Many other conditions and factors are linked to heart valve disease. However, the role they play in causing heart valve disease often isn’t clear.
Older age is a risk factor for heart valve disease. As you age, your heart valves thicken and become stiffer. Also, people are living longer now than in the past. As a result, heart valve disease has become an increasing problem.
People who have a history of infective endocarditis (IE), rheumatic fever, heart attack, or heart failure—or previous heart valve disease—also are at higher risk for heart valve disease. In addition, having risk factors for IE, such as intravenous drug use, increases the risk of heart valve disease.
You're also at higher risk for heart valve disease if you have risk factors for coronary heart disease. These risk factors include high blood cholesterol, high blood pressure, smoking, insulin resistance, diabetes, overweight or obesity, lack of physical activity, and a family history of early heart disease.
Some people are born with an aortic valve that has two flaps instead of three. Sometimes an aortic valve may have three flaps, but two flaps are fused together and act as one flap. This is called a bicuspid or bicommissural aortic valve. People who have this congenital condition are more likely to develop aortic heart valve disease.
To prevent heart valve disease caused by rheumatic fever, see your doctor if you have signs of a strep infection. These signs include a painful sore throat, fever, and white spots on your tonsils. If you do have a strep infection, be sure to take all medicines prescribed to treat it. Prompt treatment of strep infections can prevent rheumatic fever, which damages the heart valves.
It’s possible that exercise, a heart-healthy diet, and medicines that lower cholesterol might prevent aortic stenosis (thickening and stiffening of the aortic valve). Researchers continue to study this possibility.
Heart-healthy eating, physical activity, other heart-healthy lifestyle changes, and medicines aimed at preventing a heart attack, high blood pressure, or heart failure also may help prevent heart valve disease.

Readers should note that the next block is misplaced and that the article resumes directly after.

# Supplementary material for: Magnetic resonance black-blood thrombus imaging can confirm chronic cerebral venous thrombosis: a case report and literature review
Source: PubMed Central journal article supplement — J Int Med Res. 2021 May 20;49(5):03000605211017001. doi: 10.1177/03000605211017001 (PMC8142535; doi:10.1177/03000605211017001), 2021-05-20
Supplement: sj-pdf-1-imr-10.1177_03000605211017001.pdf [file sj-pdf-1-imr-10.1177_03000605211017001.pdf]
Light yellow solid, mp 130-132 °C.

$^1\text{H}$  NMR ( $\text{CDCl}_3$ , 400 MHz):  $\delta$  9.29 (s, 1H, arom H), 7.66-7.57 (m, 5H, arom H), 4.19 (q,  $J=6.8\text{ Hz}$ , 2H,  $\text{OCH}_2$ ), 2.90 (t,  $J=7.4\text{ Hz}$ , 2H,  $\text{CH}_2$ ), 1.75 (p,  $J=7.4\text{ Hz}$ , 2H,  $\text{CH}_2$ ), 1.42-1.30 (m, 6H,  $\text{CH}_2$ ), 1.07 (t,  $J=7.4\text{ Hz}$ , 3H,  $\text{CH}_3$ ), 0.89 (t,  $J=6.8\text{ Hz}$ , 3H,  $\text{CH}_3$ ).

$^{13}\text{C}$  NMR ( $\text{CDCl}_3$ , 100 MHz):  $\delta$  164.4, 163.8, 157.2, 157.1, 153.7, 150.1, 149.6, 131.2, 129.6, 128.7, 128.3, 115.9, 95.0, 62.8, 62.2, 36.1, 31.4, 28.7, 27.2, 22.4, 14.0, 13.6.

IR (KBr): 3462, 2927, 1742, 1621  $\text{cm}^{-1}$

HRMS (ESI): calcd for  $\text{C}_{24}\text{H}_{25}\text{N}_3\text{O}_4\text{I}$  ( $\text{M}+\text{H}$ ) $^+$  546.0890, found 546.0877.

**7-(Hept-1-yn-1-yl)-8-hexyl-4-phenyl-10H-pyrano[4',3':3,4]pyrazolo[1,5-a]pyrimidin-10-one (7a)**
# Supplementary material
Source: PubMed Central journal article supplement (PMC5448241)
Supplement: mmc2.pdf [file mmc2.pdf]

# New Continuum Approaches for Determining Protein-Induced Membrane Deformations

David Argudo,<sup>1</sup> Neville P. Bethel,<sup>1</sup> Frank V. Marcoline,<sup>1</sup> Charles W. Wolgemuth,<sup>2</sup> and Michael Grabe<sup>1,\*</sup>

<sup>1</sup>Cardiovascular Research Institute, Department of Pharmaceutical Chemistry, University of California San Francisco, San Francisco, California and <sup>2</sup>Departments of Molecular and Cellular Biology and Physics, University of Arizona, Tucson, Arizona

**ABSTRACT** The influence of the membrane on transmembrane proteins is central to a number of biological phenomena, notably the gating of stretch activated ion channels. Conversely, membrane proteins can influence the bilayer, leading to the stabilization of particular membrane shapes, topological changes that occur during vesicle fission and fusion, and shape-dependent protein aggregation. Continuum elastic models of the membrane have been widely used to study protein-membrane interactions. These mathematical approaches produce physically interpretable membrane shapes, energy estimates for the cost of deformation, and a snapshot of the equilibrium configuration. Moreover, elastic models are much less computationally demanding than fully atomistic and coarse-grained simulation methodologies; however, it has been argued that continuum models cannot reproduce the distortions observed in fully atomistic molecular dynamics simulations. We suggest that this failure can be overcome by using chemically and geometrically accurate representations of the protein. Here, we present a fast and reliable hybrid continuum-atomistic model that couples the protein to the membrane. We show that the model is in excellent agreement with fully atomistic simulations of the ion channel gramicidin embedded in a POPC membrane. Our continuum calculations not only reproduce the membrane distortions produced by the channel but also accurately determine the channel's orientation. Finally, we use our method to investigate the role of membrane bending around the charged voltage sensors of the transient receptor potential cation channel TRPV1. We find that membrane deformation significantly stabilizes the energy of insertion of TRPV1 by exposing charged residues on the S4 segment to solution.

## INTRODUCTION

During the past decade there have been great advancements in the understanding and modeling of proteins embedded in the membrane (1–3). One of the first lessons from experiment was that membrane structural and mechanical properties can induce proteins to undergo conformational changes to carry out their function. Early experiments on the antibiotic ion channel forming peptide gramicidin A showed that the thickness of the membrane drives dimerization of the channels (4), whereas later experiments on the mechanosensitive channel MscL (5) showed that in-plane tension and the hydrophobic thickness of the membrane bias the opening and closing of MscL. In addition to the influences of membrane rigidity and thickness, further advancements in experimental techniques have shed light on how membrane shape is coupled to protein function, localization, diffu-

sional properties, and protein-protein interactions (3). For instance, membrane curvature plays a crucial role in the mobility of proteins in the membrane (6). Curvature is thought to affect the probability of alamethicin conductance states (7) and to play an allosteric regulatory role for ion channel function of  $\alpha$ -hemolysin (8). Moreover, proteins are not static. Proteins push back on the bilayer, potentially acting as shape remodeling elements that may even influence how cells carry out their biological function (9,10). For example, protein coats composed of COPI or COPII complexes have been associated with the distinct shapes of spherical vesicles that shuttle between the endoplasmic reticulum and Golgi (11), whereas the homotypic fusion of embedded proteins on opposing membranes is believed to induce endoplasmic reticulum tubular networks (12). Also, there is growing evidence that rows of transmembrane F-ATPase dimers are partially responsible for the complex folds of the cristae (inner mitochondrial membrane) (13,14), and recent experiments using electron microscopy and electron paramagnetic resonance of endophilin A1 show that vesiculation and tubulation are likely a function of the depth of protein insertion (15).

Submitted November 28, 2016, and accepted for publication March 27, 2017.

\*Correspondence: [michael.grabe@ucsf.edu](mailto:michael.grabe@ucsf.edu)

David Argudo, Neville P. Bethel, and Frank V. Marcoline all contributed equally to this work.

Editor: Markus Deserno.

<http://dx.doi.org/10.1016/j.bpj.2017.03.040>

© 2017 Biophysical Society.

The main sign of heart valve disease is an unusual heartbeat sound called a heart murmur. Your doctor can hear a heart murmur with a stethoscope.
However, many people have heart murmurs without having heart valve disease or any other heart problems. Others may have heart murmurs due to heart valve disease, but have no other signs or symptoms.
Heart valve disease often worsens over time, so signs and symptoms may occur years after a heart murmur is first heard. Many people who have heart valve disease don't have any symptoms until they're middle-aged or older.
Other common signs and symptoms of heart valve disease relate to heart failure, which heart valve disease can cause. These signs and symptoms include:
Heart valve disease can cause chest pain that may happen only when you exert yourself. You also may notice a fluttering, racing, or irregular heartbeat. Some types of heart valve disease, such as aortic or mitral valve stenosis, can cause dizziness or fainting.
Your primary care doctor may detect a heart murmur or other signs of heart valve disease. However, a cardiologist usually will diagnose the condition. A cardiologist is a doctor who specializes in diagnosing and treating heart problems.